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Placenta previa involves implantation of the placenta over the internal cervical os. Variants include complete implantation over the os (complete placenta previa), a placental edge partially covering the os (partial placenta previa) or the placenta approaching the border of the os (marginal placenta previa). A low-lying placenta implants in the caudad one half to one third of the uterus or within 2-3 cm from the os.

Placenta previa.

Placenta previa covering the entire cervical


Placenta previa partially separated from the lower uterine segment.

Placenta previa invading the lower uterine segment and covering the cervical os.

Placental implantation is initiated by the embryo (embryonic plate) adhering in the lower (caudad) uterus. With placental attachment and growth, the developing placenta may cover the cervical os. However, it is thought that a defective decidual vascularization occurs over the cervix, possibly secondary to inflammatory or atrophic changes. As such, sections of the placenta having undergone atrophic changes could persist as a vasa previa. A leading cause of third trimester hemorrhage, placenta previa presents classically as painless bleeding. Bleeding is thought to occur in association with the development of the lower uterine segment in the third trimester. Placental attachment is disrupted as this area gradually thins in preparation for the onset of labor. When this occurs, bleeding occurs at the implantation site as the uterus is unable to contract adequately and stop the flow of blood from the open vessels. Thrombin release from the bleeding sites

promotes uterine contractions and leads to a vicious cycle of bleeding-contractions-placental separationbleeding.

United States Placenta previa occurs in 0.3-0.5% of all pregnancies. The risks increase 1.5- to 5-fold with a history of cesarean delivery. A recent meta-analysis showed that the rate of placenta previa increases with increasing numbers of cesarean deliveries, with a rate of 1% after 1 cesarean delivery, 2.8% after 3 cesarean deliveries, and as high as 3.7% after 5 cesarean deliveries.[1] Despite this increased incidence after cesarean delivery, recent studies show that a previous cesarean delivery did not increase the odds of detecting a placenta previa on second-trimester ultrasonography. However, ultrasonography is useful in determining the rate of placental migration observed at 28-36 weeks' gestation, which may identify patients who are more likely to deliver vaginally with resolution of the previa. Of all placenta previas, the frequency of complete placenta previa ranges from 20-45%, partial placenta previa accounts for approximately 30%, and marginal placenta previa accounts for the remaining 25-50%.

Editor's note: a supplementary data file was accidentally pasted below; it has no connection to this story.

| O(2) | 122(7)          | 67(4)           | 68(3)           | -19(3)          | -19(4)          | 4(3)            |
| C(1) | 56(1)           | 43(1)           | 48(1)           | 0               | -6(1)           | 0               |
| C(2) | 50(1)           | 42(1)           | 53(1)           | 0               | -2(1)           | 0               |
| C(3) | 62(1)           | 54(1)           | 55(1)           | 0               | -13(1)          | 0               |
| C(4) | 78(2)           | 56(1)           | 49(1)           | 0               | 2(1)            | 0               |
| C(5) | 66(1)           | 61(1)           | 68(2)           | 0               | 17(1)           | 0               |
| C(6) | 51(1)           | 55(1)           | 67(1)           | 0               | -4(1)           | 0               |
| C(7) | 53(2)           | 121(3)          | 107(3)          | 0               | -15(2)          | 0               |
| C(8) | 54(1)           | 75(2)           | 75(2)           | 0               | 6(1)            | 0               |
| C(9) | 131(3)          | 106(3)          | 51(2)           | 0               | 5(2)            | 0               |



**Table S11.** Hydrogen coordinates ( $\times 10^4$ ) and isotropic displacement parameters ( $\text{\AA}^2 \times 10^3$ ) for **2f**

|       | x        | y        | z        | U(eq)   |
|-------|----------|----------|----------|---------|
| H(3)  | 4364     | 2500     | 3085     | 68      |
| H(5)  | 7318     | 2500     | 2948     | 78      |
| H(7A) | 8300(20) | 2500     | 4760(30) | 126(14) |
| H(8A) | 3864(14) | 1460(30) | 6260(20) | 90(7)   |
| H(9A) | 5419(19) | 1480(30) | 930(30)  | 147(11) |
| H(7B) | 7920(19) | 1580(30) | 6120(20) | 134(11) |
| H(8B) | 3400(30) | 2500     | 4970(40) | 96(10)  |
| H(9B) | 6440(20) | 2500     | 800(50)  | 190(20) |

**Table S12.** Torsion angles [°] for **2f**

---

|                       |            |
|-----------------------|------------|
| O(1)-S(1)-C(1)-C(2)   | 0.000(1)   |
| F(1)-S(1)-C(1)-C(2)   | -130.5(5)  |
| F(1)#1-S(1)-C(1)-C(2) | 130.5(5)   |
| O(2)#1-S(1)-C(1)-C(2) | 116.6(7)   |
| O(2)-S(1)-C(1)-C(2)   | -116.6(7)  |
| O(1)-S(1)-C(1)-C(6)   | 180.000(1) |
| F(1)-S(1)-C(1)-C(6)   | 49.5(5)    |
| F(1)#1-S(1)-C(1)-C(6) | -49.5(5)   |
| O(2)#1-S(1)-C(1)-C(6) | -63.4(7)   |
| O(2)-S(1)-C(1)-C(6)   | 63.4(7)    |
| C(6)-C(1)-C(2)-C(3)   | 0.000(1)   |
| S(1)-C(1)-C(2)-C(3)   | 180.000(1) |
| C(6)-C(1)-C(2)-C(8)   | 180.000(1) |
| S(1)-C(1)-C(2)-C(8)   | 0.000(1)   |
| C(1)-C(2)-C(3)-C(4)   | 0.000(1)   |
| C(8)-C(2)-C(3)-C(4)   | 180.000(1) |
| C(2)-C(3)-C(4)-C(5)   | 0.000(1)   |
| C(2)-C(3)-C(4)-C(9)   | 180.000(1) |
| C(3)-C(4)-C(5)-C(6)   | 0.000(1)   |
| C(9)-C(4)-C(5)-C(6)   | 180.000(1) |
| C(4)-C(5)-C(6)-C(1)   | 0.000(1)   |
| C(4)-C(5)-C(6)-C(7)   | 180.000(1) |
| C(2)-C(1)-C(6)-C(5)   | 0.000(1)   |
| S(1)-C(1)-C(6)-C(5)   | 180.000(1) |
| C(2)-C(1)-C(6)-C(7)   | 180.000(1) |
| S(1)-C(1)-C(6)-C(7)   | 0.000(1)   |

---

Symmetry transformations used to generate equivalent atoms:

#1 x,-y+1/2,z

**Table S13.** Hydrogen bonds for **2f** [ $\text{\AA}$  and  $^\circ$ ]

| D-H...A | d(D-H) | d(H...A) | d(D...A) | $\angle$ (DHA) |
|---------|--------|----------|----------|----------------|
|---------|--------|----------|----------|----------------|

Table. Relative Risk of Morbidities in Patients With Placenta Previa (Open Table in a new window) Morbidities Antepartum bleeding Relative Risk 10

Need for hysterectomy 33 Blood transfusion Septicemia Thrombophlebitis Endometritis 10 5.5 5 6.6[2]

The maternal mortality rate associated with placenta previa ranges from 2-3%. Maternal mortality is 0.03% in the United States. Neonatal mortality associated with placenta previa is as high as 1.2%.[3]

Placenta previa has no predilection for any race.

Placenta previa only occurs in pregnant women.

Age is associated with a varying prevalence of placenta previa. The risk of placenta previa in relation to age is as follows: Aged 12-19 years - 1%

Aged 20-29 years - 0.33% Aged 30-39 years - 1% Older than 40 years - 2%